Filter management at your fingertips

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CALGARY, Alta. – While still a truck on the outside, new environmental standards created by the US Environmental Protection Agency (EPA) will change the underlying makeup of what powers a rig.

Western Star and Sterling representatives arrived in Calgary during June, as part of an eight-city tour, to provide input into how the new environmental standards will change the makeup of the actual truck.

From where the new components will be placed to new switches on the dashboard, the changes are not substantial; but each change is certified by the EPA and not negotiable.

“The aftertreatment device in its current position is an emission standard certification,” noted Dan Silbernagel, product strategy for Western Star and Sterling. “From the turbo to the diesel particulate filter, it cannot be modified or the system loses its certification.”

The EPA 07 standards require all engines built after the last day in 2006 to reduce the level of nitrogen oxides (NOx) and particulate matter currently produced. Earlier this year truck engine manufacturers answered the call and announced the implementation of advanced technology to meet the new regulations.

Among the new advancements is a unique aftertreatment device. The aftertreatment device is a 3-4 ft. long canister, depending on the size and make of the engine, which houses the diesel particulate filter (DPF). Inside the device a small spray of diesel fuel will be dosed, burning off particulate matter and reducing emission levels through an event called regeneration.

Regeneration will come in two forms, passive and active. Passive regeneration takes place inside the DPF when temperatures reach 300 C. The process is ongoing when the truck is being driven and exhaust gas temperatures are no higher than normal. Active regeneration occurs when the inside temperature of the DPF reaches 600 C. Active regeneration can occur either while in-transit or in a stationary situation. The regeneration process will require new switches on the dashboard and need a touch of attention from the driver. The new lamplights are an industry standard and will be the same for all trucks and manufacturers.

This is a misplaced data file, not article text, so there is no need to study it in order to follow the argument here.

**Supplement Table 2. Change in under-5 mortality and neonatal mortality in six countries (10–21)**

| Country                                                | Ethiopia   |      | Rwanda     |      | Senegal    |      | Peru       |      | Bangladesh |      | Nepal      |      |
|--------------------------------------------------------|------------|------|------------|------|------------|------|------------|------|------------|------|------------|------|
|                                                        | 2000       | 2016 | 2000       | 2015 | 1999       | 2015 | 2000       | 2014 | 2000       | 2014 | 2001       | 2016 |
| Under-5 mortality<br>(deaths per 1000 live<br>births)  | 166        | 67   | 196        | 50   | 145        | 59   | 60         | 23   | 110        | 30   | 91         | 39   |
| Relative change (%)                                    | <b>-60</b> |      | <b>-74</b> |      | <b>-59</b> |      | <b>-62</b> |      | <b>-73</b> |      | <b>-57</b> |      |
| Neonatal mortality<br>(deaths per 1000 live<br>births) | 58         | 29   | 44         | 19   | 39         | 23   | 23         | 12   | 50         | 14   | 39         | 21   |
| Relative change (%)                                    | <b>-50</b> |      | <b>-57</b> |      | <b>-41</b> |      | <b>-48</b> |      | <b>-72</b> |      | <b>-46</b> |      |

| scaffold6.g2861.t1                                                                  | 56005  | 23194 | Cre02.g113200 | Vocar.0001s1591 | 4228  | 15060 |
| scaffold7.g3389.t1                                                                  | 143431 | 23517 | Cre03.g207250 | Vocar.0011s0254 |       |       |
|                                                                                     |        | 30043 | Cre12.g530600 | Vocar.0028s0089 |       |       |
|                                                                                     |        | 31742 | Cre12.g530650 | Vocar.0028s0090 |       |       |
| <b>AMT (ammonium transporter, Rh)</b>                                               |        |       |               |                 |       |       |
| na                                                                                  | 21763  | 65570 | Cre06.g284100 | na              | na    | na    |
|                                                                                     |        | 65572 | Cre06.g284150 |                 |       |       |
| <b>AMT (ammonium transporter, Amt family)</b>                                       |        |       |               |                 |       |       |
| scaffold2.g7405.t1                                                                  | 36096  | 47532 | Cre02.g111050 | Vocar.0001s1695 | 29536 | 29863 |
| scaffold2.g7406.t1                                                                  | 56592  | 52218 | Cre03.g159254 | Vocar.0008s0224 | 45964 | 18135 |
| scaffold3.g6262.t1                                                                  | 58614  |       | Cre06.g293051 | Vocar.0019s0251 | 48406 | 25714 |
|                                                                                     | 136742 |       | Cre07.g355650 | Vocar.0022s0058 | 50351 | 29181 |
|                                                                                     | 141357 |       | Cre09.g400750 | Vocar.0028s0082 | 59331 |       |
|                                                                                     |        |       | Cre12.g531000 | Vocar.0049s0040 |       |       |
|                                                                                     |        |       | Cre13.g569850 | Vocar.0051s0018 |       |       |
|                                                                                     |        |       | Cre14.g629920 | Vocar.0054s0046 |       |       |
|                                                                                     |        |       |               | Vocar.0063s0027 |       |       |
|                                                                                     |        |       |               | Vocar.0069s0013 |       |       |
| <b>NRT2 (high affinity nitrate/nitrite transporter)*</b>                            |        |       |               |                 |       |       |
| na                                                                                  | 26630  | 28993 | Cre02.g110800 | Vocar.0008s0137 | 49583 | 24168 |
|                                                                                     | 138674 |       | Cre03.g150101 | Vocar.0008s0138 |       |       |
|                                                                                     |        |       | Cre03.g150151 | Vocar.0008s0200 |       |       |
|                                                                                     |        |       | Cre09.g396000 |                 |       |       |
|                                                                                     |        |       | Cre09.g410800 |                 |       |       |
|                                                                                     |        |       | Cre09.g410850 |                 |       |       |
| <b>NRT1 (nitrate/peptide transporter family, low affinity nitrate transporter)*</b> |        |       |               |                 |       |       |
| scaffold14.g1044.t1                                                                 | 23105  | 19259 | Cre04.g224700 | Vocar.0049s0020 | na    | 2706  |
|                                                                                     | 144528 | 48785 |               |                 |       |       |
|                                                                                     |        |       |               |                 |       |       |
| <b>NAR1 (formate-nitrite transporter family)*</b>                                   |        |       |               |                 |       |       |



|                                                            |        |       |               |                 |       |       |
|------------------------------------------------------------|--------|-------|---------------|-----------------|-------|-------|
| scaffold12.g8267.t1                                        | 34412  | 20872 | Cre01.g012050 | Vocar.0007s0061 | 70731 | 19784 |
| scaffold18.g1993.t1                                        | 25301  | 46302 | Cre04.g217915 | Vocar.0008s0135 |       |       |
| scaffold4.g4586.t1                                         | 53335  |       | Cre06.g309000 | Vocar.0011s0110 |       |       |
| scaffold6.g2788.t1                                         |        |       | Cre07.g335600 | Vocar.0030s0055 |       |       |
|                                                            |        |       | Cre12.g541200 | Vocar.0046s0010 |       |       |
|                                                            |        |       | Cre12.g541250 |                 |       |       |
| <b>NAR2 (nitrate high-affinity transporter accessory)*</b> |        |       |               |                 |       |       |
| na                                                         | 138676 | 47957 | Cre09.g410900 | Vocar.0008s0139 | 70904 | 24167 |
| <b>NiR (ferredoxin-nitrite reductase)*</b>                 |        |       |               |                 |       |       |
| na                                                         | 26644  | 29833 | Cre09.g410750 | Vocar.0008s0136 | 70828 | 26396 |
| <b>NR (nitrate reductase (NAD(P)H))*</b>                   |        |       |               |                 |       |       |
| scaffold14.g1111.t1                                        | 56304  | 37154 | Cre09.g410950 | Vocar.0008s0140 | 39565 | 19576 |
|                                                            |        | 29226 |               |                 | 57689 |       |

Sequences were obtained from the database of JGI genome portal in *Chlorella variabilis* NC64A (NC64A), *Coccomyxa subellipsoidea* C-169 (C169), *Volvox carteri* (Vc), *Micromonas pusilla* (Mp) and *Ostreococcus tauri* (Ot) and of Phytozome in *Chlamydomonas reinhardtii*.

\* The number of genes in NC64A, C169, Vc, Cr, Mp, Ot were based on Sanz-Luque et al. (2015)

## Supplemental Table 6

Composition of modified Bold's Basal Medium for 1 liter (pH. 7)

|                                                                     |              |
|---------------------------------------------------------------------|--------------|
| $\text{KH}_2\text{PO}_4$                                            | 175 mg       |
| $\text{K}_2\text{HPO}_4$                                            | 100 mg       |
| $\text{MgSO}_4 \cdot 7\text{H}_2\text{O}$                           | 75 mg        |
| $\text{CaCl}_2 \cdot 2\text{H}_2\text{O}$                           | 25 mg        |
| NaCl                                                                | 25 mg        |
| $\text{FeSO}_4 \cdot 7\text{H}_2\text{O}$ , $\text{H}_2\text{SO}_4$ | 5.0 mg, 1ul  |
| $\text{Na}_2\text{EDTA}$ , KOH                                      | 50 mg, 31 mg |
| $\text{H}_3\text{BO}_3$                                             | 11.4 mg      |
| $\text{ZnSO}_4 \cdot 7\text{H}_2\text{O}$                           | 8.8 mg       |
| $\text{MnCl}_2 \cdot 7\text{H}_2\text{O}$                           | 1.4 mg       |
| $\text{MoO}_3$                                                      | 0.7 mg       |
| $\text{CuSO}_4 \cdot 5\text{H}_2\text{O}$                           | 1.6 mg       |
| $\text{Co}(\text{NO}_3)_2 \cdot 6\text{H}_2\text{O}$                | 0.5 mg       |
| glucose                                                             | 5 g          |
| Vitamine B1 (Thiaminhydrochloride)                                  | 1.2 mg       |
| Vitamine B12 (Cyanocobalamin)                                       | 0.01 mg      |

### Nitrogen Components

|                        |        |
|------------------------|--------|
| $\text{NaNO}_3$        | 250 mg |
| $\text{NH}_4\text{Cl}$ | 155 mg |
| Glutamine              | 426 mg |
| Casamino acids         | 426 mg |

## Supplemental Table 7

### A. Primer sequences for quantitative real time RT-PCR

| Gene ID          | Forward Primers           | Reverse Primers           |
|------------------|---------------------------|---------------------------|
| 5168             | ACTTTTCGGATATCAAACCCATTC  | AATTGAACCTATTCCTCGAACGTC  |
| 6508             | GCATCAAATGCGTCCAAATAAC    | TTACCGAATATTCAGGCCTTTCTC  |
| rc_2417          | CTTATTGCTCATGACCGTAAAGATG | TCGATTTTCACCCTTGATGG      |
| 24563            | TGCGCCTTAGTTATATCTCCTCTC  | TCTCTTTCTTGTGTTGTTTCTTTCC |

“If the driver has to slow the vehicle between five to 10 mph, the regeneration will stop automatically and the heat lamp will go on,” explained Silbernagel. “Active regeneration will be available through a switch on the dashboard.”

“If the light comes on and it is ignored the engine will protect itself and a stationary regeneration will be required,” he added. “If it is further ignored the engine will shut down and a filter replacement will be required to operate again.”

For Sterling and Western Star trucks the dashboard switches will be the standard. Fleet owners who do not want the driver to have control of the process can have the switches removed and the active regeneration can be controlled by a handheld device.

“In most cases the fleet owners who requested not to have the drivers in control will have their technicians in charge,” Silbernagel told Truck West. “With that option you have to wait until the truck comes back and the information is then downloaded.”

The number of times the regeneration process will occur is dependent on the application in which the truck is being utilized. The panel noted however that during its testing period there was never a scenario when the regeneration process occurred more than one time per day.